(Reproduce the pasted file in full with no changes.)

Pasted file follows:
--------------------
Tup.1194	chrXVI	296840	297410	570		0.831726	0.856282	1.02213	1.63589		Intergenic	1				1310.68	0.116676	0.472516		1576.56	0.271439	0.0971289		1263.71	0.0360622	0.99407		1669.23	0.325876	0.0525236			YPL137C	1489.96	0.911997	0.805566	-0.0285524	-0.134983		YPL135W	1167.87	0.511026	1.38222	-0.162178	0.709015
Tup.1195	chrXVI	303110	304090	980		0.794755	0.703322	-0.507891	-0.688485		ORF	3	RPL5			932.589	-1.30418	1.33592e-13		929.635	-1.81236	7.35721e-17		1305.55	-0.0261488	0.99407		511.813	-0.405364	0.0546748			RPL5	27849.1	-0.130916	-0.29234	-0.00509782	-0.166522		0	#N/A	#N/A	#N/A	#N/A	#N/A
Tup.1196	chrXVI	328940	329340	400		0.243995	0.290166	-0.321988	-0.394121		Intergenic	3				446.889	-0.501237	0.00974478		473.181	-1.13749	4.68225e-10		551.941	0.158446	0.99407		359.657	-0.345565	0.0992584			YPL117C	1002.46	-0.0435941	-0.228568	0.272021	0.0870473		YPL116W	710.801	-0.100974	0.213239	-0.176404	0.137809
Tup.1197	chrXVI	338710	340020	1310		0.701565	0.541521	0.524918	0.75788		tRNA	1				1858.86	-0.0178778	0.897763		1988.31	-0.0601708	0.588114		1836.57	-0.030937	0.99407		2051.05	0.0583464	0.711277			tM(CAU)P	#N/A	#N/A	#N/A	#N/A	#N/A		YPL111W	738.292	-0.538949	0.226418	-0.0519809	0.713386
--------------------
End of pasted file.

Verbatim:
Tup.1194	chrXVI	296840	297410	570		0.831726	0.856282	1.02213	1.63589		Intergenic	1				1310.68	0.116676	0.472516		1576.56	0.271439	0.0971289		1263.71	0.0360622	0.99407		1669.23	0.325876	0.0525236			YPL137C	1489.96	0.911997	0.805566	-0.0285524	-0.134983		YPL135W	1167.87	0.511026	1.38222	-0.162178	0.709015
Tup.1195	chrXVI	303110	304090	980		0.794755	0.703322	-0.507891	-0.688485		ORF	3	RPL5			932.589	-1.30418	1.33592e-13		929.635	-1.81236	7.35721e-17		1305.55	-0.0261488	0.99407		511.813	-0.405364	0.0546748			RPL5	27849.1	-0.130916	-0.29234	-0.00509782	-0.166522		0	#N/A	#N/A	#N/A	#N/A	#N/A
Tup.1196	chrXVI	328940	329340	400		0.243995	0.290166	-0.321988	-0.394121		Intergenic	3				446.889	-0.501237	0.00974478		473.181	-1.13749	4.68225e-10		551.941	0.158446	0.99407		359.657	-0.345565	0.0992584			YPL117C	1002.46	-0.0435941	-0.228568	0.272021	0.0870473		YPL116W	710.801	-0.100974	0.213239	-0.176404	0.137809
Tup.1197	chrXVI	338710	340020	1310		0.701565	0.541521	0.524918	0.75788		tRNA	1				1858.86	-0.0178778	0.897763		1988.31	-0.0601708	0.588114		1836.57	-0.030937	0.99407		2051.05	0.0583464	0.711277			tM(CAU)P	#N/A	#N/A	#N/A	#N/A	#N/A		YPL111W	738.292	-0.538949	0.226418	-0.0519809	0.713386